November 6, 2012
Landslides Triggered At Extraordinary Distances From 2011 Virginia Quake
Seismological Society of America
The 2011 Mineral, Virginia M-5.8 earthquake was felt over an extraordinarily large area. A new study details landslides triggered by the earthquake at distances four times greater and over an area 20 times larger than previously documented for M-5.8 earthquakes worldwide.
The study, to be published in the December issue of the Bulletin of the Seismological Society of America (BSSA), describes physical confirmation of previous observations that ground shaking from earthquakes in the eastern U.S. travels farther than in the western U.S, a plate-boundary region.
U.S. Geological Survey scientists Randall W. Jibson, who is scheduled to present his findings on Nov. 6 at the annual meeting of the Geological Society of America, and co-author Edwin L. Harp painstakingly mapped rock falls to determine the distance limits from the epicenter to compare with previously documented earthquakes.
The 2011 Virginia earthquake was the largest earthquake in the eastern U.S. since 1897. Although it did not produce large, damaging landslides, it did trigger small landslides of rock and soil from steep slopes.
Because landslides can occur without earthquake shaking, Jibson and Harp looked for evidence of recent physical disruption that could be attributed to the quake. From August 25 though September 3, Jibson and Harp made detailed observations by driving outward from the epicentral area in transects; they stopped frequently to get on their hands and knees to overturn rocks to see whether there was green grass underneath — a sign that the rock could have fallen during the quake. As they drove, they inspected highly susceptible slopes until they had reached an apparent limit for a particular area.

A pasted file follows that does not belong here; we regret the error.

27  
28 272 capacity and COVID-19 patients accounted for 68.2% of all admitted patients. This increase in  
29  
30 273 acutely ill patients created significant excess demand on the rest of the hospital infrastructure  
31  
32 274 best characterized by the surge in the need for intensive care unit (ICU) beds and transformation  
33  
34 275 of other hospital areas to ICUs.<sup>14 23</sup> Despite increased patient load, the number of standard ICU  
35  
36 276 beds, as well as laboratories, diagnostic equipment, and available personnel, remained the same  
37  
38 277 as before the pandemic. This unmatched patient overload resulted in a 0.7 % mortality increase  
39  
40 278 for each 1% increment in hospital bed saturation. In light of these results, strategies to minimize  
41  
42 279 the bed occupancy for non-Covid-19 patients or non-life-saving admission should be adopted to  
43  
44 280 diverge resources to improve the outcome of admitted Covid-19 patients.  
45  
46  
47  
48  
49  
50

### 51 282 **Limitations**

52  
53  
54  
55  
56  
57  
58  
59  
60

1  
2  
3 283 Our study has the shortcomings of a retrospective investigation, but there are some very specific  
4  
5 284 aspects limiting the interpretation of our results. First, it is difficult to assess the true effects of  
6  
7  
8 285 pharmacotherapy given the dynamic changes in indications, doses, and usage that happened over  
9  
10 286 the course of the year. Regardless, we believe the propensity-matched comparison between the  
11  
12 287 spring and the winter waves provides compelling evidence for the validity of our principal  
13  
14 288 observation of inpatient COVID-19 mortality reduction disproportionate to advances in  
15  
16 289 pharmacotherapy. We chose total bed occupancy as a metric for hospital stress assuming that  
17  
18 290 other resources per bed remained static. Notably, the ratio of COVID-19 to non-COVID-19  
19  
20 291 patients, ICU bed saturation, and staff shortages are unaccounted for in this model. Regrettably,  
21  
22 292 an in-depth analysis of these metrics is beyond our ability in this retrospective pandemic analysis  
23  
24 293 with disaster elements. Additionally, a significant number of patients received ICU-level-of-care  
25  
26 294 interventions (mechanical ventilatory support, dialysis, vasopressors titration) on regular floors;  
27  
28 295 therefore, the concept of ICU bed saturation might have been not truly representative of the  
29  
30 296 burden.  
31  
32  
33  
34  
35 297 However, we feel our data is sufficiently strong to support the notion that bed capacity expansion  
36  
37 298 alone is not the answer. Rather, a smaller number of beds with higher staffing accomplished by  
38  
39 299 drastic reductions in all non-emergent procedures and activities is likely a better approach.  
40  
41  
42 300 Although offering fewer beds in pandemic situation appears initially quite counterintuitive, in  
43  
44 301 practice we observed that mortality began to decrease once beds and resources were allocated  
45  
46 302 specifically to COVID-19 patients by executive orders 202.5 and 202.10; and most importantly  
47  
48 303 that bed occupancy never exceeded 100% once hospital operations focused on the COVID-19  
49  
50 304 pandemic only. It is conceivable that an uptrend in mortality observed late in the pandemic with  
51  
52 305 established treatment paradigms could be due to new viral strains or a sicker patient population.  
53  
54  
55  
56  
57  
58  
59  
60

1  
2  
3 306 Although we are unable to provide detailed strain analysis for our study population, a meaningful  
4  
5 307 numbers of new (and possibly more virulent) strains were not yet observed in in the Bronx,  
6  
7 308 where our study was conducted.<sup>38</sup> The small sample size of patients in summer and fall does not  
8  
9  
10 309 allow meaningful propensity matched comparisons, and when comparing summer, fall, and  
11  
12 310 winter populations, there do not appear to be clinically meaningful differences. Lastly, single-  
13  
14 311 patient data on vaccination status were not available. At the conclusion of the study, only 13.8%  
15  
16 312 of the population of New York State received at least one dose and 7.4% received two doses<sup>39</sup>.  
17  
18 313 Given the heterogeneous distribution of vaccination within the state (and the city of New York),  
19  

"We've been doing this for more than 30 years and have developed a consistent observational standard that isn't dependent on the observers," Jibson said. "We are confident we can accurately compare limits for different earthquakes."
The authors noted that Hurricane Irene passed near the area a few days after the quake, and they identified small rainfall-triggered debris flows that were quite distinct from rock falls triggered by the quake.
Landslide limits were documented along the Blue Ridge Parkway from near Harpers Ferry, West Virginia, southwestward to within 30 km of the Virginia-North Carolina border as well as on transects northwestward through the Appalachian Mountains into West Virginia. The limits to the east and south of the Blue Ridge are less well constrained owing to a lack of susceptible slopes. The authors propose an estimated elliptical area had there been equally susceptible landscape yielding evidence in all areas.
There is sufficient documented evidence, say Jibson and Harp, to suggest the need to revise the established distance limits for the occurrence of landslides in different tectonic environments.
For the eastern U.S., the documented landslides from the 2011 Virginia earthquake suggest that ground motion is stronger and travels farther parallel to the Appalachian Mountains than perpendicular to them, which is consistent with other sources of intensity information such as the U.S. Geological Survey's Did You Feel It? map.
Not all historical post-earthquake landslide investigations have been conducted at the same level of detail, and so they might not be directly comparable with the current study. Also, very few earthquakes in stable continental interiors, where ground motion is known to travel farther than in plate-boundary regions, have had thorough documentations of triggered landslides, noted the authors.
"Even taking differential landslide reporting into account," wrote the authors, "the landslide limits from the 2011 Virginia earthquake are extraordinary."
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